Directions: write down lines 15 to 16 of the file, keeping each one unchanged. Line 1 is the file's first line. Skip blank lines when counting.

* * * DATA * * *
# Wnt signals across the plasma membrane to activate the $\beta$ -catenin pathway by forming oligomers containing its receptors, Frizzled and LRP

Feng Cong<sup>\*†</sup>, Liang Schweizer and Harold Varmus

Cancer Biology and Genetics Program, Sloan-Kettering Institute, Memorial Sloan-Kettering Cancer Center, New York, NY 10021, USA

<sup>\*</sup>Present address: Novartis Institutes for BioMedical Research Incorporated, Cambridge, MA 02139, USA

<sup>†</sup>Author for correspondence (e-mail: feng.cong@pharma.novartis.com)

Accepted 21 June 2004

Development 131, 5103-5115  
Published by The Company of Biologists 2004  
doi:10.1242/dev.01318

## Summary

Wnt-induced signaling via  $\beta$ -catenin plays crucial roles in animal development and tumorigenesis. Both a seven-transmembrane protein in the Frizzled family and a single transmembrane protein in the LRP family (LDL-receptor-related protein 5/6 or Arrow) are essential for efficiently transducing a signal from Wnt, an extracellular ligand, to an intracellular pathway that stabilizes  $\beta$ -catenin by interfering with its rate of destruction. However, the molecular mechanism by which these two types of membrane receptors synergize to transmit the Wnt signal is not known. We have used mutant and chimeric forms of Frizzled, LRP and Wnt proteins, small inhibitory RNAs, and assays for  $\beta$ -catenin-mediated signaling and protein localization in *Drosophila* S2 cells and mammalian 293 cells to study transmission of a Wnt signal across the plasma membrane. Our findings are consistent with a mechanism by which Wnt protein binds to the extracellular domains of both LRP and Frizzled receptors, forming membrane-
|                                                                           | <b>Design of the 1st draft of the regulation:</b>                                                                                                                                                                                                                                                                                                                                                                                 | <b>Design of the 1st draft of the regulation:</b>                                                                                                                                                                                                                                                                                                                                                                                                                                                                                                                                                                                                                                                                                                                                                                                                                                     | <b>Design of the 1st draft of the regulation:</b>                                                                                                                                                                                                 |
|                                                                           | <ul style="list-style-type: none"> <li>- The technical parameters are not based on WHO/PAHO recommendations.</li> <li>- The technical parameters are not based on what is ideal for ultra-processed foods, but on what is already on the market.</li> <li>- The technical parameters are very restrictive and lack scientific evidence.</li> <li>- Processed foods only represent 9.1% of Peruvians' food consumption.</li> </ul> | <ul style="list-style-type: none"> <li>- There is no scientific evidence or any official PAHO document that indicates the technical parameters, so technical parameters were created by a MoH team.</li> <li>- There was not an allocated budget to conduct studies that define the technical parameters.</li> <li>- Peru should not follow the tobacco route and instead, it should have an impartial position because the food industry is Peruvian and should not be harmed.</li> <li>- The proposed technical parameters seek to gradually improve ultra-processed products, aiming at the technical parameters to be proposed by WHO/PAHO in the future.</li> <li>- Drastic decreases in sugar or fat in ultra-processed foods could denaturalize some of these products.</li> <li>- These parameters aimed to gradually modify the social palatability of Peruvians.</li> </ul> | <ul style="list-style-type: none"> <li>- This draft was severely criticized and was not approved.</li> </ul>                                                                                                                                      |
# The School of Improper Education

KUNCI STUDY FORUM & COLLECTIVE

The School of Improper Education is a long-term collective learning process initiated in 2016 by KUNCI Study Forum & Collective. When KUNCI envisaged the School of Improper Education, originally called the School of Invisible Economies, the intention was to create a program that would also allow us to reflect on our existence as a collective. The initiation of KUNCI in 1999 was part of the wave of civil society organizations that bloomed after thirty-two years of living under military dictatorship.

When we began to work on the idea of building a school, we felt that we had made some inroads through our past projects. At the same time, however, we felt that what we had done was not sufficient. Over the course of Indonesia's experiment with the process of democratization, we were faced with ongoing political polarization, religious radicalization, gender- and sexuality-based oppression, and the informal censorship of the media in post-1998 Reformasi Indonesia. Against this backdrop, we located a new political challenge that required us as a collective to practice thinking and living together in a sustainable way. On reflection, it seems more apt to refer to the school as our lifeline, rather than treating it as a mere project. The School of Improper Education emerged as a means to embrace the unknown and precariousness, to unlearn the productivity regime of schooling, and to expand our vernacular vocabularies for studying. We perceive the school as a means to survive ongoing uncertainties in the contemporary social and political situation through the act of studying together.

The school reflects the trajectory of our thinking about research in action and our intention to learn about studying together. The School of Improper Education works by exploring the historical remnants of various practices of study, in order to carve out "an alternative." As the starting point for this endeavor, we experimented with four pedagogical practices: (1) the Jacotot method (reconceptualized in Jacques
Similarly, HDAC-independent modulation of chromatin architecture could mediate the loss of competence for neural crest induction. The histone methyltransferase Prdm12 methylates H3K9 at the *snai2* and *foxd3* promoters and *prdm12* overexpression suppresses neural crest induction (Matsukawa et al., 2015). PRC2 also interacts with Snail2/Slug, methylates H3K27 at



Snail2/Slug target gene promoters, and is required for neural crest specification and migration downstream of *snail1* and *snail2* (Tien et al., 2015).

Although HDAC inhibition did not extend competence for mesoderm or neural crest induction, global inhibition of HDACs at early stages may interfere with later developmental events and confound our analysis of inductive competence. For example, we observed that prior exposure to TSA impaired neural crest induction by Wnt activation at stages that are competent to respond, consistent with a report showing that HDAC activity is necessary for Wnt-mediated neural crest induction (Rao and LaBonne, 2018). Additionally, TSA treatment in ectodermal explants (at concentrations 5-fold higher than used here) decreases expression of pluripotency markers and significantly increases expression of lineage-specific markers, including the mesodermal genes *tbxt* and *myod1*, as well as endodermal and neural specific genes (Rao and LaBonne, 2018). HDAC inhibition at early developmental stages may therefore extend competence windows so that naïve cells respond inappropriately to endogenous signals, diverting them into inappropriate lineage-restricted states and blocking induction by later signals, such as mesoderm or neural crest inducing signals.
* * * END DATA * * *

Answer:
KUNCI STUDY FORUM & COLLECTIVE

The School of Improper Education is a long-term collective learning process initiated in 2016 by KUNCI Study Forum & Collective. When KUNCI envisaged the School of Improper Education, originally called the School of Invisible Economies, the intention was to create a program that would also allow us to reflect on our existence as a collective. The initiation of KUNCI in 1999 was part of the wave of civil society organizations that bloomed after thirty-two years of living under military dictatorship.